Indian Pioneer Papers - Index
History Project for Oklahoma
Date: October 27, 1937
Post Office: Cordell,
Residence address: East
Date of Birth: November
Place of Birth: Archer
Father: W. W. Neeley
Place of Birth: Fort
Smith Arkansas ? [Indian Territory, Chickasaw Nation.]
Information on father:
Mother: Margaret White
Place of birth: Missouri
Information on mother:
Field Worker: Ida B.
Interview # 9015
We came from Wichita Co.,
Texas, October 1889. We brought two wagons loaded with household furniture
and were on the road five days. Settled on a farm, one mile west and a
half south of Cordell near Center Point School.
We lived in a sod house;
our chicken house was also of sod and a crib was made of poles.
The first year my father
and we children went to Duncan to pick cotton. The second year was 1890,
we made a fair crop of cotton, cane, and corn. Markets were at Duncan,
In-dian Territory, and Vernon Texas. We sold our cotton for 5 and 9 cents
It was very cold in the
winter time and we milked nine cows and took care of them, be-sides the
horses and hogs.
In 1891, my father went
to Vernon Texas, to work in the harvest. He brought our clothes, food,
and materials back with him. Our dresses were gingham and heavy shirt-ing.
March 4, 1899, the biggest
prairie fire and sand storm came. We plowed around or dug-out, chicken
house, crib and feed stacks.
After I married, we lived
one mile and a half west of Cordell. My husband worked at the gin. I took
of the first crop we made. My husband hired a man to break the sod and
while he was doing this I sharpened the stick, punched holes in the ground
and dropped the cotton seed into the holes and stepped on it to cover the
seed. I would tie my baby on the bed and leave her for two hours at a time
and never see her while I was working in the field.
Our hog pens were dug
into the banks of the creek and slats put in the front of them and I carried
water for eleven head of hogs every morning and night.
We would dig a hole in
the ground put poles in the hole, drop turnip, beets and potatoes in the
hole, cover with straw then sod. We put beans and okra on a string, put
our plums in a keg and weighted the top. We canned berries in bottles
and sealed the bottles with sealing wax. We parched wheat for coffee, our
corn bread and cereal were made out of keffir corn. We would get 5 cents
for a dozen eggs and 5 cents a pound for butter.
Crowds would gather and
have singings, I went to one candy breaking, also to a big dialogue. Hugford
? and Center Point schools were our meeting place for entertainment.
Our beds consisted of
poles and slats and the ticks were stretched over the slats with no mattress
nor sheets. My first baby was born on this kind of bed.
The first move we made
was done on horseback. After our move my husband swapped my gun for two
bedsteads, three comforts, four chairs, a rocking chair, a small cook stove
and a straw tick, then I traded my saddle for a bushel of sweet potatoes
and a rooster.
H. D. YOUNG had a store
one and a half miles east of New Cordell. The groceries, dry-goods and
post office were all in the same building.. [ Sallie ?] SMITH ran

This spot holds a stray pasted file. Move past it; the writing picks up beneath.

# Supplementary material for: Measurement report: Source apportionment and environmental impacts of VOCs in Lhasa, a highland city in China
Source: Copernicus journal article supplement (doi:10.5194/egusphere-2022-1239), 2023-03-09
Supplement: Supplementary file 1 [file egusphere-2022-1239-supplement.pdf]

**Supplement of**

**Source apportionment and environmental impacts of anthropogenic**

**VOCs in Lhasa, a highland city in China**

the post of-fice. This New Cordell was all sage grass, rabbits, quails,
prairie chickens and I two mountain lions.
We had lots of skunks,
snakes, centipedes and fleas. The fleas were called Indian fleas and the
skunks were called “stim”? skunks.
The Indians were nice
and kind, excepting one time when they killed ? Bill Breeding? and burned
him. During this time there was a large group housed at John RUNTALS? house
for four days and nights until the soldiers from Fort Sill could come and
quiet the Indians.
There were also several
saloons during this old period but I have never seen as many drunks as
I have today.
I have seen New Cordell
when there was only one house and I saw old Cordell burn and a New Cordell
rebuilt. Cordell burnt in about 1900.
My first writing ink was
indigo, my husband gathered little balls off trees that had blue water
in them and he used the water for ink.
In making our first beds
we used to burrow holes back in the walls of the dugout and put large poles
in the holes, then lay smaller poles on the larger ones and put the ticks
on the small poles.
We raised a family of
ten children, enduring all the hardships of these early days and we are
now living in a dugout, located in the East Hill Addition of New Cordell.
Note: Alice Neeley married
Edward Charles Neeley her cousin so George is her cousin & brother-in-law.
Her sister Rachel Neeley married, Nathaniel Neeley their cousins which
make them all double cousins. Their father William Wallace Neeley is Jesse
Neeley’s brother, father of George C. Neeley.
Rachel Neeley’s siblings;
1. Rachel Lee Neeley
- 11/10/1881 - Archer City, Archer Texas
2. Alice May Neeley –
1/27/1884 – Wise TX see bio.
3. Magnolia Nay Neeley
- 11/25/1888 - Electra Wichita Texas
4. Wadden Wallace Neeley
– 7/1891 – unknown not sure if he lived
5. William Henry Neeley
– 7/12/1894 – Cordell Washita Co., Oklahoma
6. Nadis N. Neeley
– 7/1897 - unknown not sure if he lived
7. Dewey Albert Neeley
– 5/14/1899 – Dill City Washita Co., OK
Submitted to OKGenWeby by Pauline Phelps, May 1999.